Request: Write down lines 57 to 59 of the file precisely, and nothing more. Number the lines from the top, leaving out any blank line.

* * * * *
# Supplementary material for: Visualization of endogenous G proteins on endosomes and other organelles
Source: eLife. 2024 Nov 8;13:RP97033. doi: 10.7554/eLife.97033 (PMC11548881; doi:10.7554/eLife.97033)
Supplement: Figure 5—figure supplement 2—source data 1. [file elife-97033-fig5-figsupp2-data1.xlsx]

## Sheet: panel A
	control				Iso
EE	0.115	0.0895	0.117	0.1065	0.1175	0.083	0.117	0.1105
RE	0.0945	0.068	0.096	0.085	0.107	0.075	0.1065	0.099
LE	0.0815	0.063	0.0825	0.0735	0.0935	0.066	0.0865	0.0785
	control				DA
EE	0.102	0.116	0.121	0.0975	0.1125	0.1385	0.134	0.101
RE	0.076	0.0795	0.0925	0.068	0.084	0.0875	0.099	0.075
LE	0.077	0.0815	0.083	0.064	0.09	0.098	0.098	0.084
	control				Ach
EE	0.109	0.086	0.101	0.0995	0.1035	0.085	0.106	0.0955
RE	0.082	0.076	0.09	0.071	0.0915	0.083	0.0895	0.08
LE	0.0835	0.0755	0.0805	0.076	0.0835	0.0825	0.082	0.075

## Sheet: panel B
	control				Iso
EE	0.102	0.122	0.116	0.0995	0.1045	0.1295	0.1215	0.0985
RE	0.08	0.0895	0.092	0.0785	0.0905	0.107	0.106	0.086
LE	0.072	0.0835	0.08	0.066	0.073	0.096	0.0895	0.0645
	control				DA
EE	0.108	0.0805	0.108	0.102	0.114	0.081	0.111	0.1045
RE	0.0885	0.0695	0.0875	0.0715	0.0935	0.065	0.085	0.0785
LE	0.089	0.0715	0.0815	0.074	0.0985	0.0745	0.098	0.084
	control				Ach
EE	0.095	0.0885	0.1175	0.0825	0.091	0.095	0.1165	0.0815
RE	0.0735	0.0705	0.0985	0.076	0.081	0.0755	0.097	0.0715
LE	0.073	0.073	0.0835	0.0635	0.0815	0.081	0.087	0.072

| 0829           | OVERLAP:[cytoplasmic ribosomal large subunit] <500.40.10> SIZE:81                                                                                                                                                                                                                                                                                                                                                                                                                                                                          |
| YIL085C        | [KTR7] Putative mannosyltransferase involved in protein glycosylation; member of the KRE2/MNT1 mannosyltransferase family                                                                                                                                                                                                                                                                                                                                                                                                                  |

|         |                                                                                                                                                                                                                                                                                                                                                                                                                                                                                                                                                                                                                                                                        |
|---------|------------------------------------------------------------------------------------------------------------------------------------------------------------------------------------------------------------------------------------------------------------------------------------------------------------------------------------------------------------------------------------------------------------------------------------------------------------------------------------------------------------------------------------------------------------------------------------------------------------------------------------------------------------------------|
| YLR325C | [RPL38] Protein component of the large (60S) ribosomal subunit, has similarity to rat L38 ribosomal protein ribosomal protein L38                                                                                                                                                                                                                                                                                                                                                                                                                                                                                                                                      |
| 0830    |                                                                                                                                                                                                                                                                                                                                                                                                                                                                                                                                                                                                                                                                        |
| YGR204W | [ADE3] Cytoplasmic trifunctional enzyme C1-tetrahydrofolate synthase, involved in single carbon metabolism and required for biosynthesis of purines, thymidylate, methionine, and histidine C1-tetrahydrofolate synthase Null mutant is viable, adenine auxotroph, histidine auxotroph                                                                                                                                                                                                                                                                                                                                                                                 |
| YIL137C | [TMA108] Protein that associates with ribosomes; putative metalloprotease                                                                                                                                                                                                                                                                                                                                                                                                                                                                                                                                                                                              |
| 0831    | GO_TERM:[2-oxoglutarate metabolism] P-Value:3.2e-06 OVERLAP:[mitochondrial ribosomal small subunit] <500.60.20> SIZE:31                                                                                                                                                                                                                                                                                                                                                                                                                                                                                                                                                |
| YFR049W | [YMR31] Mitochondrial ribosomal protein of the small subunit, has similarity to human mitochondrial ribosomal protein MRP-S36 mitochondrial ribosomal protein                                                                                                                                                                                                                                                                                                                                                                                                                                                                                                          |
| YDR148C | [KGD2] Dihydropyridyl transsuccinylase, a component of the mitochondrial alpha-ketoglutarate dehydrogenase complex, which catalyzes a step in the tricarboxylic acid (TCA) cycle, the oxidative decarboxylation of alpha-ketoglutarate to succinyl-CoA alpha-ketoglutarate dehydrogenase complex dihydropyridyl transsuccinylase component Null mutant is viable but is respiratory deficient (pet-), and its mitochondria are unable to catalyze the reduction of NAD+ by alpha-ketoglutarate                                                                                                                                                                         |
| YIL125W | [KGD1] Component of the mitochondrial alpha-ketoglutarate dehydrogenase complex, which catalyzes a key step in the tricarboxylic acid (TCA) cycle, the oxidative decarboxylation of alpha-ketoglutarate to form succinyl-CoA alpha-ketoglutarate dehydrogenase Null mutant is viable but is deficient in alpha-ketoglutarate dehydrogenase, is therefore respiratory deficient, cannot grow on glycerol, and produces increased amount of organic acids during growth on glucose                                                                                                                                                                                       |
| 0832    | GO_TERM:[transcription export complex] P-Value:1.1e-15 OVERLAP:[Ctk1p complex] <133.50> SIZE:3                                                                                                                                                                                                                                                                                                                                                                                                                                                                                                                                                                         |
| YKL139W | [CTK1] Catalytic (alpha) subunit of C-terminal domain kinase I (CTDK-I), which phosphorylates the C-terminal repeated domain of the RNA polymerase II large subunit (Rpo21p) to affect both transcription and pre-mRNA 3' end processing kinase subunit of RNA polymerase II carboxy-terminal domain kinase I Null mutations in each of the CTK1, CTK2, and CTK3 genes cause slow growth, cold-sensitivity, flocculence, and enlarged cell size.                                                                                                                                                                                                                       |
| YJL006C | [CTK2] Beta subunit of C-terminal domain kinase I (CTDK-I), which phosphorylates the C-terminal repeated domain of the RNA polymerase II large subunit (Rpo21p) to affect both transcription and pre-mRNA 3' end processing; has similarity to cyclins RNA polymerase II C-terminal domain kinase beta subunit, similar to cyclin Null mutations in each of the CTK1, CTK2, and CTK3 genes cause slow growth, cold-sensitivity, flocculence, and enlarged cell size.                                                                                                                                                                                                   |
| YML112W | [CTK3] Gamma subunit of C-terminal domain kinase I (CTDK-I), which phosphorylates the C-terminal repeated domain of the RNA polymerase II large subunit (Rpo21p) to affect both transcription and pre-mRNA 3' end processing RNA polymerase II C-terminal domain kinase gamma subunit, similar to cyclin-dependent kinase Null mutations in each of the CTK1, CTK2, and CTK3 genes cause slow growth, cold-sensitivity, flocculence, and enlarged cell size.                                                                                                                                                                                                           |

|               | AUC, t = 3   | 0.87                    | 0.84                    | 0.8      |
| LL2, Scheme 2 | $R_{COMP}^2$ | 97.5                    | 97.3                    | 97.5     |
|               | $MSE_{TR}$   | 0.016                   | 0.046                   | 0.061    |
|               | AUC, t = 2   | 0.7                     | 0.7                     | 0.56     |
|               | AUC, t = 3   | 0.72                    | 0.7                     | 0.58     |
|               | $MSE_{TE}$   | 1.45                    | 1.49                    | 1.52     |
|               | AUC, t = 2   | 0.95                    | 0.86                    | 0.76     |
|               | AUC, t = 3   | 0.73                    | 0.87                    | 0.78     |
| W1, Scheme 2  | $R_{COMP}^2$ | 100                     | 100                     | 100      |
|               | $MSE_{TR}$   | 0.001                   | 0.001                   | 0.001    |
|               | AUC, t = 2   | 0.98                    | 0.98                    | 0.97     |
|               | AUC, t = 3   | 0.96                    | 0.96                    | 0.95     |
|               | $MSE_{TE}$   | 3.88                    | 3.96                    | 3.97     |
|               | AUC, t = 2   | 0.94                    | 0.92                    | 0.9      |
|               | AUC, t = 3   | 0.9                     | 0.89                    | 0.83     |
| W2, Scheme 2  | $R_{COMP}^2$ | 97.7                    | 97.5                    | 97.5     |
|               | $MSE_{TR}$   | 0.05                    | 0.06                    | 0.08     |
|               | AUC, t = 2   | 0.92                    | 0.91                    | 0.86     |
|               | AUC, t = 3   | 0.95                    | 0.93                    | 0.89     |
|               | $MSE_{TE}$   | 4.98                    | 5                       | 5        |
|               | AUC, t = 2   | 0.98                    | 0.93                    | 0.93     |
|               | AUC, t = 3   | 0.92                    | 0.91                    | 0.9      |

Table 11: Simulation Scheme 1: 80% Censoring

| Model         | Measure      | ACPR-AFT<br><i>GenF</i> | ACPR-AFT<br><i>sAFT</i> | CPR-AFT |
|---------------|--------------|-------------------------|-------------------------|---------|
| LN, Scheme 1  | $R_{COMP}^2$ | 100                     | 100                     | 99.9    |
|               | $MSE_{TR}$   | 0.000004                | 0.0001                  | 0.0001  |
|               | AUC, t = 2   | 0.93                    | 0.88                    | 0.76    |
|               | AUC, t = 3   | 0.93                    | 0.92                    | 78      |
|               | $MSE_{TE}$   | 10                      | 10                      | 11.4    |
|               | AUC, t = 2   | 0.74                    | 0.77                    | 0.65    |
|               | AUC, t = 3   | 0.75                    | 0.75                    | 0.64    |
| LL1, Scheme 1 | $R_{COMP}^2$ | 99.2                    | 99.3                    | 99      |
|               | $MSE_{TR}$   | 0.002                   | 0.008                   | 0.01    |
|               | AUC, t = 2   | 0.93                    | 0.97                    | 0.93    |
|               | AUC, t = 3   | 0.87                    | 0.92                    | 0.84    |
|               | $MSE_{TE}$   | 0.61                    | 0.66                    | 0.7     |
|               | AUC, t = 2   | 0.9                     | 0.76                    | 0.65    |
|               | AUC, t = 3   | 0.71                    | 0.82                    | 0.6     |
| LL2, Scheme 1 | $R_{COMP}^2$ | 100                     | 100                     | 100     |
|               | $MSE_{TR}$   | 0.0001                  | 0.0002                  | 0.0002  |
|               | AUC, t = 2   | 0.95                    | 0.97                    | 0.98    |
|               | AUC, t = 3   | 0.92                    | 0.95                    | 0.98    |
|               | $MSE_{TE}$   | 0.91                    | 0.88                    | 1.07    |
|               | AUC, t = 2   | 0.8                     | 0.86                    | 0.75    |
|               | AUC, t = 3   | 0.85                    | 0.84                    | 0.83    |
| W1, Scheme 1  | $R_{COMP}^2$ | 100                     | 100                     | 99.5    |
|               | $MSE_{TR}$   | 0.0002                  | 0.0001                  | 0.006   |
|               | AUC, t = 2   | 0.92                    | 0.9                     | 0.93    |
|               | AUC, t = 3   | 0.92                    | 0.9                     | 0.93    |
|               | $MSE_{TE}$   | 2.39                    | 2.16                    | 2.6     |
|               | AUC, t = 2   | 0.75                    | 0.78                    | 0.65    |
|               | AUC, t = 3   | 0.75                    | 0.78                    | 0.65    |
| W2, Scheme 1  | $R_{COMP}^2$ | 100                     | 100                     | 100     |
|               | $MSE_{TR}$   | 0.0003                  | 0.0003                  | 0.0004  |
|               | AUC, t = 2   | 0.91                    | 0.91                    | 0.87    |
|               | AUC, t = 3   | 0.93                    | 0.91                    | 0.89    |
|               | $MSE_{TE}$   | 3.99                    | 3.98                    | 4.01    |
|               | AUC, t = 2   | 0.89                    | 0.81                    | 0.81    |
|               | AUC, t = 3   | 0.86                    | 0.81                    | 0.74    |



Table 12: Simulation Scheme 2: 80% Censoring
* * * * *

|               | AUC, t = 3   | 0.96                    | 0.96                    | 0.95     |
|               | $MSE_{TE}$   | 3.88                    | 3.96                    | 3.97     |
|               | AUC, t = 2   | 0.94                    | 0.92                    | 0.9      |